Citizens for Clean Air in Apartments

RJR Subsidiary Pleads Guilty To Cigarette Smuggling


A unit of the RJR Nabisco Holdings Corp. pleaded guilty on Tuesday to federal criminal charges stemming from a scheme to smuggle cigarettes into Canada through an Indian reservation in upstate New York and agreed to pay $15 million in penalties.

The authorities said the guilty plea, filed in Federal District Court in Binghamton, N.Y., marked the first time that a tobacco company has been convicted of complicity in the shadowy and growing world of international cigarette smuggling.

Experts estimate that nearly one-fourth of the billions of American cigarettes sold overseas pass through smuggling rings set up to evade taxes and sell major brands at a discount. Critics have long contended that this trade could not go on without the industry's knowledge and support.

But while previous criminal investigations have led to charges against several mid-level managers, top executives at the large, multinational tobacco companies have always denied allegations that they encouraged or condoned any dealings with the contraband rings.

In entering the guilty plea, the RJR Nabisco subsidiary, Northern Brands International Inc., admitted that it helped distributors evade $2.5 million in U.S. excise taxes on shipments that, the authorities said, were ultimately smuggled into Canada to avoid high taxes on cigarettes there.

But the company's plea also could have sweeping repercussions in Washington, where Congress has debated whether to raise the taxes on domestic cigarette sales to discourage smoking.

Industry executives have argued that any significant increase in the taxes would immediately create a black market for cigarettes in the United States, much as it did in Canada.

But the guilty plea "shows that the emperor doesn't have any clothes in making that argument," said Gregory N. Connoly, the director of the Commonwealth of Massachusetts' Tobacco Control Program.

"The companies have always said that they are not directly involved, and they have used the threat of smuggling to dissuade Congress from raising the taxes," he said. "But now we have evidence that the industry is complicit with organized criminals when it comes to smuggling."

Thomas J. Maroney, the U.S. attorney in Syracuse, N.Y., said the four-year-old investigation was continuing. But he declined to say whether any high-level officials at RJR Nabisco's main tobacco operation, R.J. Reynolds Tobacco Co., or other tobacco companies were under scrutiny.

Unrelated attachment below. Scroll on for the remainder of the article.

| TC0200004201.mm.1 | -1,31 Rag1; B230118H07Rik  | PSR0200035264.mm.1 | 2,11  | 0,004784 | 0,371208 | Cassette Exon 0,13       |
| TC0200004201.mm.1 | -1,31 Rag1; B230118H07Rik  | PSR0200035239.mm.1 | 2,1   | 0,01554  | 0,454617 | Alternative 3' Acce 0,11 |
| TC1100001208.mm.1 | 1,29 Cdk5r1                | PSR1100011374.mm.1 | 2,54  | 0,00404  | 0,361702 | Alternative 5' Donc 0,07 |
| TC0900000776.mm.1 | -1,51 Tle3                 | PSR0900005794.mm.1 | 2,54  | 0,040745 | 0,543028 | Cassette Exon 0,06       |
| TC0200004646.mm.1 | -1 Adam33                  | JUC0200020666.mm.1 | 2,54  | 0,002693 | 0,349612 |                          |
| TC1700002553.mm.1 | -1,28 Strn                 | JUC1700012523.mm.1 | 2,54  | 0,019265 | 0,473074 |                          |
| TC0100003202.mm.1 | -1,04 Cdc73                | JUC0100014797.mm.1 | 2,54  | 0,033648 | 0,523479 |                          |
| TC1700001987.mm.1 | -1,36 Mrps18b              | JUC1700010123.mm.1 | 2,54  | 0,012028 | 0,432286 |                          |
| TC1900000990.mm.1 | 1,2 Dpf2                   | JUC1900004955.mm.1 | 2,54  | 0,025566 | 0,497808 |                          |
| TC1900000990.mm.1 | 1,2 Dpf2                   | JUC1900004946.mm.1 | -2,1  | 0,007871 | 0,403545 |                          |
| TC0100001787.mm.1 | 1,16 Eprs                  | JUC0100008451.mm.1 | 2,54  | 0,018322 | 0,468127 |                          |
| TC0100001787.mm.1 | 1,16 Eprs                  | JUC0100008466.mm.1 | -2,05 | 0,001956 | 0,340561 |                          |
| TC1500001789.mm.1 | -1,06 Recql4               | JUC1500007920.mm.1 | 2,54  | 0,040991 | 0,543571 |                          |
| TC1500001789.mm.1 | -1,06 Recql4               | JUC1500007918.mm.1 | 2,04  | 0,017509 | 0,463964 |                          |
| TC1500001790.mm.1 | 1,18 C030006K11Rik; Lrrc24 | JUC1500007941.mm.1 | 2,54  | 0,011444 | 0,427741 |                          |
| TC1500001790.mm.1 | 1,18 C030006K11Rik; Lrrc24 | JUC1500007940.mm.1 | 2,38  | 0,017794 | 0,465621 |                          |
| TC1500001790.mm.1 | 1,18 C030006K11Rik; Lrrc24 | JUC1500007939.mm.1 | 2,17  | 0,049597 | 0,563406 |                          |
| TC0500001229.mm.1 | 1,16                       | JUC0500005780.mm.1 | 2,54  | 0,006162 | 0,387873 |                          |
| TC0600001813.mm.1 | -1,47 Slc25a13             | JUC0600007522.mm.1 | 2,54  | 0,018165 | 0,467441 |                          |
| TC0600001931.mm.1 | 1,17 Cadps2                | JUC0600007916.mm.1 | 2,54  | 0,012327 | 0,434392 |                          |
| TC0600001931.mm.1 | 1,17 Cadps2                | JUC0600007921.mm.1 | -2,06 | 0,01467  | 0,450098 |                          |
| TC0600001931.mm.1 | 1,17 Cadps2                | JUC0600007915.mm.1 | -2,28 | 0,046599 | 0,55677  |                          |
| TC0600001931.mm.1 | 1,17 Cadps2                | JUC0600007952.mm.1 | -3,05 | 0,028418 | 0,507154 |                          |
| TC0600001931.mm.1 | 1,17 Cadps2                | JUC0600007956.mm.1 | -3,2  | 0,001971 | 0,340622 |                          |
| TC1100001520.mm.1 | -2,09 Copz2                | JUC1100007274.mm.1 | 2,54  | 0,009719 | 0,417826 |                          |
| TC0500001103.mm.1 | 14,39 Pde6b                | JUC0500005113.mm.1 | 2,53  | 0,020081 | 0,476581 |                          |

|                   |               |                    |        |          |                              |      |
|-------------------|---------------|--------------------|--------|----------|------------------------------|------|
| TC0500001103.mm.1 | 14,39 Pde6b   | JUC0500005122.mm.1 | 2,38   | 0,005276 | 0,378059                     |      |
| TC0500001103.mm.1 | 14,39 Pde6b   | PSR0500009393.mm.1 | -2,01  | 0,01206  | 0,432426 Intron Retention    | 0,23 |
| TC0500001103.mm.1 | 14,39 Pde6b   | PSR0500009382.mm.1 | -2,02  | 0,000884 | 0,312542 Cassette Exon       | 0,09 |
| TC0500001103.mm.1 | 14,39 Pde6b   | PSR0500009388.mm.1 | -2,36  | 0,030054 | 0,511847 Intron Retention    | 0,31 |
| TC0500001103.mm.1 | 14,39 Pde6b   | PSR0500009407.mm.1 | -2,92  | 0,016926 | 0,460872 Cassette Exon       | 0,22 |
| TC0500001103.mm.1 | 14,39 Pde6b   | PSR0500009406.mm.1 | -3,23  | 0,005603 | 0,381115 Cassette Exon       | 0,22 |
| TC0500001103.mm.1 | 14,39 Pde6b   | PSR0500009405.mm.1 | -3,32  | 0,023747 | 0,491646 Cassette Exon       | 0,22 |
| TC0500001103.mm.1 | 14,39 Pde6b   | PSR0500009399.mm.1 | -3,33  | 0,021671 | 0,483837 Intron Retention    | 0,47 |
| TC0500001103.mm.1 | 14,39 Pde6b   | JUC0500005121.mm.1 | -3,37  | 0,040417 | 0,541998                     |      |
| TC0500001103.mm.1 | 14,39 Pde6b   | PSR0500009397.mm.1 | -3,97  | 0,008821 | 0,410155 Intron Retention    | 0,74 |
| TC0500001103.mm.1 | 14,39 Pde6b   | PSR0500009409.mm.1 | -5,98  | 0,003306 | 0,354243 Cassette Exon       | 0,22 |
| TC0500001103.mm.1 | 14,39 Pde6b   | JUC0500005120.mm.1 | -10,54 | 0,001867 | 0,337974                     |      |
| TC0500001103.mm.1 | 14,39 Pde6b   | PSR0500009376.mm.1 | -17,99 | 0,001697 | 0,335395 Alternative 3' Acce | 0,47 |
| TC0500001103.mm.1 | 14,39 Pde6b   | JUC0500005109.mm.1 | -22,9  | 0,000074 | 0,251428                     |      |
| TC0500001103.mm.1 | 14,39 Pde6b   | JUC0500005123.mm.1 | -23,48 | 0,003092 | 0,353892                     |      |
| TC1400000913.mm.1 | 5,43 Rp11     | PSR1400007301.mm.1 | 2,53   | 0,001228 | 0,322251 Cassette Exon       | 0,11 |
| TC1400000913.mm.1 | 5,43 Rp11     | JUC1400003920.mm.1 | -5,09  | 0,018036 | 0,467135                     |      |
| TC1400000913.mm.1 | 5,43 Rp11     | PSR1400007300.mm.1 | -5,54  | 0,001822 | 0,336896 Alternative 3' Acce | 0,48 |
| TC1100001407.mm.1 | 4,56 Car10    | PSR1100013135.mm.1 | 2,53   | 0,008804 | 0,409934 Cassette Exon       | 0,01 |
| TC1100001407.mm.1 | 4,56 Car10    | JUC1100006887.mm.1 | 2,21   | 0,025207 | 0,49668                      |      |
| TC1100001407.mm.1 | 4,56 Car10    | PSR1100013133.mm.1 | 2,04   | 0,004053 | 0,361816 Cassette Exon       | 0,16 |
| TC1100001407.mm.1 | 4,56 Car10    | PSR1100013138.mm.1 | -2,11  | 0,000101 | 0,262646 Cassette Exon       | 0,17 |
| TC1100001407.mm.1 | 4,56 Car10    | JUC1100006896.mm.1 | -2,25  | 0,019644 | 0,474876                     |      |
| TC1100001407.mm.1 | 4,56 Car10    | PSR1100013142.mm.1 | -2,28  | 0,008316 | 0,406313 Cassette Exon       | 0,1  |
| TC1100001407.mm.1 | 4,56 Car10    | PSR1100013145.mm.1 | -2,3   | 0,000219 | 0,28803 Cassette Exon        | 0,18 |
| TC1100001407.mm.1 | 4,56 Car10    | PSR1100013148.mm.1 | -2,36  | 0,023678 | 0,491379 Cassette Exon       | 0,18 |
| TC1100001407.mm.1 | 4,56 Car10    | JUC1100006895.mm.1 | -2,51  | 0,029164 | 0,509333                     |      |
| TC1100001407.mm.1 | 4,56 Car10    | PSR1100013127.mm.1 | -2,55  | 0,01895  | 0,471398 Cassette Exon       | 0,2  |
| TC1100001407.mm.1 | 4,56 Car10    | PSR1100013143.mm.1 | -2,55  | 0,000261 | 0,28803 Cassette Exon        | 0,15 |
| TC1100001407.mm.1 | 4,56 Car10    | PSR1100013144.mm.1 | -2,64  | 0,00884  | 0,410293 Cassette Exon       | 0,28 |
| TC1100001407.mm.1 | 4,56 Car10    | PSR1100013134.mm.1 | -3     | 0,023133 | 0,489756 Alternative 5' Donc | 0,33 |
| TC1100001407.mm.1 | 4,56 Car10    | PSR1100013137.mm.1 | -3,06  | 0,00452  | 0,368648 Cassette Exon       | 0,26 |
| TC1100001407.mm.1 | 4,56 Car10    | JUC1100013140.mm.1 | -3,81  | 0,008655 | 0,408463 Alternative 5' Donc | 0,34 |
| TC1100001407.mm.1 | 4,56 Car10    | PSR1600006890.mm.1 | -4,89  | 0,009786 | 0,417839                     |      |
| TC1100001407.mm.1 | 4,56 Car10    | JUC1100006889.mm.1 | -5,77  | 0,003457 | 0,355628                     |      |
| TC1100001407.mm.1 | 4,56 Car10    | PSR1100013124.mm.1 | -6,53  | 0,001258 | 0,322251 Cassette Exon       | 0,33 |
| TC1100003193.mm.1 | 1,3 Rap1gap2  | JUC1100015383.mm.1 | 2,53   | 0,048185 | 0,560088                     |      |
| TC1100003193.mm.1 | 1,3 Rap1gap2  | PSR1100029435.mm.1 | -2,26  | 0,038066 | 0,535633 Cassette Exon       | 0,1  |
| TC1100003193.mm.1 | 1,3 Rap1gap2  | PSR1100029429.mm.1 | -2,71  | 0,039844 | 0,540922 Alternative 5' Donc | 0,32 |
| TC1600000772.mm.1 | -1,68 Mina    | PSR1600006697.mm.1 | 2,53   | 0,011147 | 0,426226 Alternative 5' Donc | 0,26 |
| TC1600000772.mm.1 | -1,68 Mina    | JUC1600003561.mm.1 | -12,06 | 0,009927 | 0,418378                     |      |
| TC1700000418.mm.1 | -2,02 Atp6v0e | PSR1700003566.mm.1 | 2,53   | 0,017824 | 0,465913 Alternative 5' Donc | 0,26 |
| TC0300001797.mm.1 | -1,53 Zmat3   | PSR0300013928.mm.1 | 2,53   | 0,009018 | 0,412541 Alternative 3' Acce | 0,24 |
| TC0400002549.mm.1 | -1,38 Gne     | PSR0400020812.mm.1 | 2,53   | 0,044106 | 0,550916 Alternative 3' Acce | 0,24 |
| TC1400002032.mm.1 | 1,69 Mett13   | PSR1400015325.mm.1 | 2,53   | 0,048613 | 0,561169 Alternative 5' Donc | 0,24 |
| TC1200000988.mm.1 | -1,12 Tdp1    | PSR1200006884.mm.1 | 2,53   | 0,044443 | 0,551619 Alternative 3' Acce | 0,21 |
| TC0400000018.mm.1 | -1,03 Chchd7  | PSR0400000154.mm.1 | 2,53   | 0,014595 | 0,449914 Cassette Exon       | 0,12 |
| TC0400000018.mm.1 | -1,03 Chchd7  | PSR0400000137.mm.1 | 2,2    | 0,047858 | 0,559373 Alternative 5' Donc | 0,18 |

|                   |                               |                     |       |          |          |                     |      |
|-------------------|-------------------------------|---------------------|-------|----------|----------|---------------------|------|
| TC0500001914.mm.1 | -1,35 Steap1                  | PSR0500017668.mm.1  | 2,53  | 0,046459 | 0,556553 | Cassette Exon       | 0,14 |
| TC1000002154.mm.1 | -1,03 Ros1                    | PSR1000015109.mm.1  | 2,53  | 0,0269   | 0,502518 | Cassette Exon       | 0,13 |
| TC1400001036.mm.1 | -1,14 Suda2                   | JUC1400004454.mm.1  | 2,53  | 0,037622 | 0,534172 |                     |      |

Top executives and spokesmen at R.J. Reynolds, based in Winston-Salem, N.C., could not be reached for comment on Tuesday night. But Maroney said that the company had agreed to cooperate with investigators and had taken steps to insure that similar violations do not happen again.

Bloomberg News quoted a R.J. Reynolds lawyer, C. Stephen Heard Jr., as saying that the company "regrets this episode." According to the news service, Heard said that Northern Brands' actions were "inconsistent with the way Reynolds does business" and that Reynolds had closed Northern Brands.

The charges against Northern Brands arose from an investigation that has led to guilty pleas by more than 20 people involved in smuggling hundreds of millions of dollars worth of alcohol and cigarettes into Canada.

Court documents released during the investigation showed that R.J. Reynolds, the second-largest American cigarette maker next to the Philip Morris Cos., sponsored trips to a luxury Canadian fishing resort for several distributors who lived in upstate New York and smuggled cigarettes into Canada. One R.J. Reynolds sales manager even joked with the dealers about the smuggling, the documents said.

The smuggling took off after Canada raised taxes in the 1980s and the early 1990s to discourage cigarette consumption, one of the first countries to try this approach. The taxes did not apply to exports, and affiliates of the three biggest companies -- Philip Morris, R.J. Reynolds and BAT Industries PLC -- started shipping large amounts of Canadian brands, like Players and Export A, to the United States even though few Americans smoke them.

Maroney said that without paying either the Canadian or the American taxes, distributors then moved the cigarettes back into Canada through the St. Regis Mohawk Indian Reservation in upstate New York, with the help of some Indian leaders who also have been convicted in the case.

In Tuesday's guilty plea, R.J. Reynolds' Northern Brands unit admitted to participating in one crucial part of the scheme.

NEW YORK TIMES, (12/23/98)"RJR Subsidiary Pleads Guilty To Smuggling", Christopher Drew, p. A1

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